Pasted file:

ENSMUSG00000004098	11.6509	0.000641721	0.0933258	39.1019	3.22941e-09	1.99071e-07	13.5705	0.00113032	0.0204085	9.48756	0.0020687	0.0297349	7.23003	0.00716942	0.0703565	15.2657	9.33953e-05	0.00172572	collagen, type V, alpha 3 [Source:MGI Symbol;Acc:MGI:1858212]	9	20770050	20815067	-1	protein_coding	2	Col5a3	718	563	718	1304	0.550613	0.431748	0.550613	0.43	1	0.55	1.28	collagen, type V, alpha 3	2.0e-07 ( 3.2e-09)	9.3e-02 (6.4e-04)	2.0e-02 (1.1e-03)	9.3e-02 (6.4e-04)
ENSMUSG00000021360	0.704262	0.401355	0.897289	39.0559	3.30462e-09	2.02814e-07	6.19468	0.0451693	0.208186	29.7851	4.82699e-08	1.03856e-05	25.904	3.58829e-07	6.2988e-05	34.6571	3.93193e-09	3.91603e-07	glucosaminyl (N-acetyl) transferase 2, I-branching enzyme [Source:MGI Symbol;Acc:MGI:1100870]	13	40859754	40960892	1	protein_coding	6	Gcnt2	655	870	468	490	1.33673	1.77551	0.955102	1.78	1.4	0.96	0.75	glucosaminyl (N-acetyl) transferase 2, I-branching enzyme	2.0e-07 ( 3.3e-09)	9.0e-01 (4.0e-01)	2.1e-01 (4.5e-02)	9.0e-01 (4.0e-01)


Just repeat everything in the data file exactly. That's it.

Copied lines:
ENSMUSG00000004098	11.6509	0.000641721	0.0933258	39.1019	3.22941e-09	1.99071e-07	13.5705	0.00113032	0.0204085	9.48756	0.0020687	0.0297349	7.23003	0.00716942	0.0703565	15.2657	9.33953e-05	0.00172572	collagen, type V, alpha 3 [Source:MGI Symbol;Acc:MGI:1858212]	9	20770050	20815067	-1	protein_coding	2	Col5a3	718	563	718	1304	0.550613	0.431748	0.550613	0.43	1	0.55	1.28	collagen, type V, alpha 3	2.0e-07 ( 3.2e-09)	9.3e-02 (6.4e-04)	2.0e-02 (1.1e-03)	9.3e-02 (6.4e-04)
ENSMUSG00000021360	0.704262	0.401355	0.897289	39.0559	3.30462e-09	2.02814e-07	6.19468	0.0451693	0.208186	29.7851	4.82699e-08	1.03856e-05	25.904	3.58829e-07	6.2988e-05	34.6571	3.93193e-09	3.91603e-07	glucosaminyl (N-acetyl) transferase 2, I-branching enzyme [Source:MGI Symbol;Acc:MGI:1100870]	13	40859754	40960892	1	protein_coding	6	Gcnt2	655	870	468	490	1.33673	1.77551	0.955102	1.78	1.4	0.96	0.75	glucosaminyl (N-acetyl) transferase 2, I-branching enzyme	2.0e-07 ( 3.3e-09)	9.0e-01 (4.0e-01)	2.1e-01 (4.5e-02)	9.0e-01 (4.0e-01)